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Dr. Philip Boyd is a Professor of Marine Biogeochemistry at the Institute for Marine and Antarctic Studies at the University of Tasmania in Hobart, Australia. Dr. Boyd graduated with a BSc. in Marine Biology and Oceanography at University College of North Wales, UK, followed by a PhD in marine microbial ecology at the Queens University of Belfast, Ireland. He was a postdoctoral researcher in both Plymouth and Vancouver as part of the UK and Canadian JGOFS (Joint Global Ocean Flux Study) programmes. In 1996, Philip then took up a position in New Zealand as a phytoplankton ecologist with the National Institute of Water and Atmosphere (NIWA). His research at a collaborative centre between NIWA and the University of Otago was pivotal in the University being ranked first of the 30 leading oceanographic research centres globally over the period 2000-2010 by Thomson Reuters, based on citations to highly-cited papers. Dr. Boyd as leader of this collaborative centre was awarded the New Zealand Prime Minister’s Science Prize in 2011. Dr. Boyd has authored more than 150 peer-reviewed research publications and has been guest editor on seven volumes of thematic ocean sciences publications.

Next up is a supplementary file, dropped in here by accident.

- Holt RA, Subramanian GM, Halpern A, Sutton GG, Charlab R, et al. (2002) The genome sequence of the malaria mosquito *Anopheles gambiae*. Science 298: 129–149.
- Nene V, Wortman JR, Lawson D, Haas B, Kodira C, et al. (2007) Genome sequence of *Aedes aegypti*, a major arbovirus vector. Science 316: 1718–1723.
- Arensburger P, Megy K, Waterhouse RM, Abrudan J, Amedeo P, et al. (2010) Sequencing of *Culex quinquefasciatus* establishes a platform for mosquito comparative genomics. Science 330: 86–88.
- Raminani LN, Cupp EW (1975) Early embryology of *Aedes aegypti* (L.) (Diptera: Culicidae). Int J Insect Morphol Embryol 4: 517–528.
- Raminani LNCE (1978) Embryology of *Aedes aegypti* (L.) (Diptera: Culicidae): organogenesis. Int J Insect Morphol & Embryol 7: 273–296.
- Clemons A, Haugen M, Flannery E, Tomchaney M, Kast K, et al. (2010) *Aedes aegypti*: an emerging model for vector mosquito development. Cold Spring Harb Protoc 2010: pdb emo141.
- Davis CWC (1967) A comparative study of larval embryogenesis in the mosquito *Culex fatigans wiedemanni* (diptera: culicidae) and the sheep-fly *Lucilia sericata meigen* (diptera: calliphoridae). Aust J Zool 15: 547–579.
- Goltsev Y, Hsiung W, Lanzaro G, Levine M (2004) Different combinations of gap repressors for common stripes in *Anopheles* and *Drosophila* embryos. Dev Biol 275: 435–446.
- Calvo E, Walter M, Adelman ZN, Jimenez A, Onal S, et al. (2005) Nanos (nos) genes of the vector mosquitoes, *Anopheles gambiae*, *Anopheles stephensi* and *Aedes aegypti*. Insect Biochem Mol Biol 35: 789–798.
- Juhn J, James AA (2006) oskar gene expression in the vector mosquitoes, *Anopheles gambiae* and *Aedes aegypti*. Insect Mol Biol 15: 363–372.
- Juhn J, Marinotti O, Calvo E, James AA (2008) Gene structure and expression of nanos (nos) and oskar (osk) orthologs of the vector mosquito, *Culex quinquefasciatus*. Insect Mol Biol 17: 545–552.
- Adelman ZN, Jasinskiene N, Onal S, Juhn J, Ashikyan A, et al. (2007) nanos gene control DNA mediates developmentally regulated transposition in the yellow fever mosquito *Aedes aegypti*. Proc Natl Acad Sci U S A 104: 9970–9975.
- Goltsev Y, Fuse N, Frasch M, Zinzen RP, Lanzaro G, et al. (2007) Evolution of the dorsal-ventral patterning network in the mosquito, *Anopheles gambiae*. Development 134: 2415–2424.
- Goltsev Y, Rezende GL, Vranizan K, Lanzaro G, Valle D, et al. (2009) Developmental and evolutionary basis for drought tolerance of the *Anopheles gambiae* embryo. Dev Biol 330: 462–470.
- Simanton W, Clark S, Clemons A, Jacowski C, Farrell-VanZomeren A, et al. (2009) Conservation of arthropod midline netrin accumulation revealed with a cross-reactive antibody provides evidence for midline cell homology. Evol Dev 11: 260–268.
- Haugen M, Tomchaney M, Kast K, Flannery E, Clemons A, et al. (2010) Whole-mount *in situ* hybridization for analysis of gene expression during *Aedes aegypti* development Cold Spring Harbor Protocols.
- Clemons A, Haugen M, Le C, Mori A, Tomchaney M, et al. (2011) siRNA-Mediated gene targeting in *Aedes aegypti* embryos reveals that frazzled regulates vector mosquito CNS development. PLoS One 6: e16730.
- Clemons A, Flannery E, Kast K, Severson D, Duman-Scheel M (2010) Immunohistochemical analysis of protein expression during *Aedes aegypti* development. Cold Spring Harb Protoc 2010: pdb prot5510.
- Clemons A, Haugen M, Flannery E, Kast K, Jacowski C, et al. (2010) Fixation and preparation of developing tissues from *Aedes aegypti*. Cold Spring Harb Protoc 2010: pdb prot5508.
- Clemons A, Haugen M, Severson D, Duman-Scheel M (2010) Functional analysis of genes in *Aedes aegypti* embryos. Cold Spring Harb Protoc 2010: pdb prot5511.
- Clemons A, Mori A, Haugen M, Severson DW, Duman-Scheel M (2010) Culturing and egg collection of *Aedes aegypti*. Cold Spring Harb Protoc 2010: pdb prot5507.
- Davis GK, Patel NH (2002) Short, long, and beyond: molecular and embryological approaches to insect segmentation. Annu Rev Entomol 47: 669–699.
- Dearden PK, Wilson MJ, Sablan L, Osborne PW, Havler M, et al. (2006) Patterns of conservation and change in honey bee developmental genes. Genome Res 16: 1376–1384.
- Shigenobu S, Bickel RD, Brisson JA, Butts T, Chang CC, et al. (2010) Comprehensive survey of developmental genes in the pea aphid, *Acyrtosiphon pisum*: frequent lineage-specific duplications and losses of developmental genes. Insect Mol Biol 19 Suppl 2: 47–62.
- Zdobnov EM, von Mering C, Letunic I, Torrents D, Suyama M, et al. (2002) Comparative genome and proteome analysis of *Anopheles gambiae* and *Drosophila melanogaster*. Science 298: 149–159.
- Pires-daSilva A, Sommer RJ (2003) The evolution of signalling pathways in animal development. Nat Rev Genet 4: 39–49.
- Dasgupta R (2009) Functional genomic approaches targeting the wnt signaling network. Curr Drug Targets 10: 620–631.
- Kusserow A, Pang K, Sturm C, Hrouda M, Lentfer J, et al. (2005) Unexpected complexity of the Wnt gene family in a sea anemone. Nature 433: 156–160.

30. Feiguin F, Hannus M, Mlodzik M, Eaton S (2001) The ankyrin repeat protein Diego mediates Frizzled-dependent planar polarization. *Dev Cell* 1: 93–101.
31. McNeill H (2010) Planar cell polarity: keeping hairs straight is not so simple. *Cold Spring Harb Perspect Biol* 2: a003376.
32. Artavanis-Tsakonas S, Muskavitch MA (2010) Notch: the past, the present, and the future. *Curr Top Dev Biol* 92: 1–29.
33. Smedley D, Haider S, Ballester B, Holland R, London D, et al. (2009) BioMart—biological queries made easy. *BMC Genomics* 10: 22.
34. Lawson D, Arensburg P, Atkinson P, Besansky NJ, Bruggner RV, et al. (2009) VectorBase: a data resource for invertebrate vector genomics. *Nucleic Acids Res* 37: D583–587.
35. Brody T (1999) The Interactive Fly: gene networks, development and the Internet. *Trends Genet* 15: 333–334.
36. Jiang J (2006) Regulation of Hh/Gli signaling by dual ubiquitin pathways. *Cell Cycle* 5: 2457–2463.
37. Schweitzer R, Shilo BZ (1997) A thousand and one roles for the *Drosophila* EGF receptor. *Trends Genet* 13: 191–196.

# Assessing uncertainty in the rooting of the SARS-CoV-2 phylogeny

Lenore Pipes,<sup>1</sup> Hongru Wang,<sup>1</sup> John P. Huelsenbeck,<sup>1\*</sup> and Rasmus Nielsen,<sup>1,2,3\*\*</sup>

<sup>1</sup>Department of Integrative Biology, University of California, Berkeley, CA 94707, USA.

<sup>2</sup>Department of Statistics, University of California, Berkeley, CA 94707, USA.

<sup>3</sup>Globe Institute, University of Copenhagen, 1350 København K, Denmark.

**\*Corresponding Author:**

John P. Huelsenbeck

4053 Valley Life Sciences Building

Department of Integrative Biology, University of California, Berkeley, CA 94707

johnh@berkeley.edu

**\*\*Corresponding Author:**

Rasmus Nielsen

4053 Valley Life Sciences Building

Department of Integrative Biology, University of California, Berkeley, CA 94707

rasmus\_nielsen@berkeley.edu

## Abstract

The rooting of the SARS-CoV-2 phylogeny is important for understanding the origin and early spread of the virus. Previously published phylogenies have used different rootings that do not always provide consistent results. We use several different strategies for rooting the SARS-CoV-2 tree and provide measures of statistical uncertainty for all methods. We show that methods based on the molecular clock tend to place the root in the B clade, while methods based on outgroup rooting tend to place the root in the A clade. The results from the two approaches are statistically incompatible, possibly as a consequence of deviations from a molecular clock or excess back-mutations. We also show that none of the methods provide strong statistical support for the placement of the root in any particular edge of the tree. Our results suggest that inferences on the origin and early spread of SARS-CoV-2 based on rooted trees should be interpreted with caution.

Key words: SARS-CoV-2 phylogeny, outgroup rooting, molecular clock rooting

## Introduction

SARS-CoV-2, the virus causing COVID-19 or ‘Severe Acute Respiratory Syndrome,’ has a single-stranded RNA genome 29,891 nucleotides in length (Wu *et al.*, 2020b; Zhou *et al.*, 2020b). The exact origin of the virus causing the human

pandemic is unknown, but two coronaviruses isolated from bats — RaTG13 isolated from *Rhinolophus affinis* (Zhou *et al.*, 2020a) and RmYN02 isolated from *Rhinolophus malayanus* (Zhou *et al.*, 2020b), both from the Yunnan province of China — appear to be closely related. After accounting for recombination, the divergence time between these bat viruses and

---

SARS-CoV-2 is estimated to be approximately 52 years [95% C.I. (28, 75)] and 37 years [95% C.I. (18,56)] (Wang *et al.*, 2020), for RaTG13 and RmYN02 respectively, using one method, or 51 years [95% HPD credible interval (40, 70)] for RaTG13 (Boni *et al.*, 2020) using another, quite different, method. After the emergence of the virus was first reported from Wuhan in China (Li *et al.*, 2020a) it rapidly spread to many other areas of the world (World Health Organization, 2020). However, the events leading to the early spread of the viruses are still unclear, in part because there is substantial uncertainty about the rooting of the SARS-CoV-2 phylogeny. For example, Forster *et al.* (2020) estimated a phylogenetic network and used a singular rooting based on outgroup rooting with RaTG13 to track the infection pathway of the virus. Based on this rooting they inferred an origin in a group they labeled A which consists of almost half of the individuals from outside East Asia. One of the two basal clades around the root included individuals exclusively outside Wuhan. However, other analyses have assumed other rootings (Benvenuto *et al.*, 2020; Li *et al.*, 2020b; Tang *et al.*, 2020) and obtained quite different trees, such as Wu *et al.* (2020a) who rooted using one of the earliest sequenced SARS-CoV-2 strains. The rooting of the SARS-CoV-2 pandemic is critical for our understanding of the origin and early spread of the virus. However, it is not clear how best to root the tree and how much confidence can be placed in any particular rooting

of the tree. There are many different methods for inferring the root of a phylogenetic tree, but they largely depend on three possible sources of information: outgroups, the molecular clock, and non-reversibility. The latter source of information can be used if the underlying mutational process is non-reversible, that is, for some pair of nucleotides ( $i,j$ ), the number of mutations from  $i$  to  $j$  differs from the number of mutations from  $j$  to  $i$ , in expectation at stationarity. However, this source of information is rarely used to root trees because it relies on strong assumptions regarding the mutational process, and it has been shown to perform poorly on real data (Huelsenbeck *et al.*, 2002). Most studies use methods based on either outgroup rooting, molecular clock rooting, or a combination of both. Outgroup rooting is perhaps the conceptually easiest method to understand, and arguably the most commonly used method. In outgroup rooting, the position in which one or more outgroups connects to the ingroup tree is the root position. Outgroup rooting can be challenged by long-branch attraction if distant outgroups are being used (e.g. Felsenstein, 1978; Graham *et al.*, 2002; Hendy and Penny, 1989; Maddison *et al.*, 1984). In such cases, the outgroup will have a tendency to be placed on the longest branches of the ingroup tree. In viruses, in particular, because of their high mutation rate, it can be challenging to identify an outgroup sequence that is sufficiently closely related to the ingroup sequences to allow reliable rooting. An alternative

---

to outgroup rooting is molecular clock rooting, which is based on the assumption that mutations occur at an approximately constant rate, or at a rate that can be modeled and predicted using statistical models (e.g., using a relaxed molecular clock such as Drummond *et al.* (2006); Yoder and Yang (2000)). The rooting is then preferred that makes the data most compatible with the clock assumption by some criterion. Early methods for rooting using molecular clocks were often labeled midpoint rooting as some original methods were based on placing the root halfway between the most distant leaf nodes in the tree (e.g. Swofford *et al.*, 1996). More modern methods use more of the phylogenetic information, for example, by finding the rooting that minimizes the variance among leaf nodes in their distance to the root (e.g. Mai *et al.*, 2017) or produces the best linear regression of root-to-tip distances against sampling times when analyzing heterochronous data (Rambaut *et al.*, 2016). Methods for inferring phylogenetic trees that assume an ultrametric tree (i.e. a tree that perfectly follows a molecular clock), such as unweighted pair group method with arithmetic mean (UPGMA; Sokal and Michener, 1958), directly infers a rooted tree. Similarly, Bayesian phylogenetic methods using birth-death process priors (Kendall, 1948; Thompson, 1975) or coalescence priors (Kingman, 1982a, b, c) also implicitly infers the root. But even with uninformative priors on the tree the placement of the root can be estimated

Dr. Boyd has been an invited participant on science steering committees to help in the long-term planning and stewardship of major initiatives such as the global oceanic survey GEOTRACES and the decade-long Surface Ocean Lower Atmosphere Study (SOLAS). He has taught at each of the six SOLAS Summer Schools, together comprising around 400 alumni across atmospheric and ocean sciences. He served as chair of a SCOR working group on large scale ocean iron fertilisation (2007-2011), which produced an open access relational database of the results from 12 mesoscale iron enrichment experiments. Dr. Boyd was one of six lead authors to write an IPCC chapter on Ocean Systems for the Working Group II 5th Assessment. In 2014 he was the vice-chair of an inaugural Gordon Research Conference on Ocean Global Change Biology, and in 2016 he will chair this meeting along with a Gordon Research Seminar for early career researchers.